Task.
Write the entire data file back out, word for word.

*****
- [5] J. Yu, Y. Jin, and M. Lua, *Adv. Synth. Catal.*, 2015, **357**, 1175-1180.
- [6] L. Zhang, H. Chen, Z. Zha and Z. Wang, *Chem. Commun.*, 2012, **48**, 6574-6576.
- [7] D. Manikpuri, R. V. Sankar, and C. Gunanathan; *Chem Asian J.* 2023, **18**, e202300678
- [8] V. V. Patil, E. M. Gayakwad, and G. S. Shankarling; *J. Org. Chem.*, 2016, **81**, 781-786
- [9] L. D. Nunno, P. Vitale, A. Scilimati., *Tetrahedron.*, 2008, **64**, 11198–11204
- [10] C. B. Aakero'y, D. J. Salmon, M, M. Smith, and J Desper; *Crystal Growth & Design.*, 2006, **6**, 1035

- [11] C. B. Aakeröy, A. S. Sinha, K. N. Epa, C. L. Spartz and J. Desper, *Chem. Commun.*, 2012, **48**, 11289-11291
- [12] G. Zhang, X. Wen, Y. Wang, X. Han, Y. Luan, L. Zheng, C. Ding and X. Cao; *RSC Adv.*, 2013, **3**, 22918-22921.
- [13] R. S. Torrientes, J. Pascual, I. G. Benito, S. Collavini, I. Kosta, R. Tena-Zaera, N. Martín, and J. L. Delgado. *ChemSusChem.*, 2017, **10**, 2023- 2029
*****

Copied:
- [5] J. Yu, Y. Jin, and M. Lua, *Adv. Synth. Catal.*, 2015, **357**, 1175-1180.
- [6] L. Zhang, H. Chen, Z. Zha and Z. Wang, *Chem. Commun.*, 2012, **48**, 6574-6576.
- [7] D. Manikpuri, R. V. Sankar, and C. Gunanathan; *Chem Asian J.* 2023, **18**, e202300678
- [8] V. V. Patil, E. M. Gayakwad, and G. S. Shankarling; *J. Org. Chem.*, 2016, **81**, 781-786
- [9] L. D. Nunno, P. Vitale, A. Scilimati., *Tetrahedron.*, 2008, **64**, 11198–11204
- [10] C. B. Aakero'y, D. J. Salmon, M, M. Smith, and J Desper; *Crystal Growth & Design.*, 2006, **6**, 1035

- [11] C. B. Aakeröy, A. S. Sinha, K. N. Epa, C. L. Spartz and J. Desper, *Chem. Commun.*, 2012, **48**, 11289-11291
- [12] G. Zhang, X. Wen, Y. Wang, X. Han, Y. Luan, L. Zheng, C. Ding and X. Cao; *RSC Adv.*, 2013, **3**, 22918-22921.
- [13] R. S. Torrientes, J. Pascual, I. G. Benito, S. Collavini, I. Kosta, R. Tena-Zaera, N. Martín, and J. L. Delgado. *ChemSusChem.*, 2017, **10**, 2023- 2029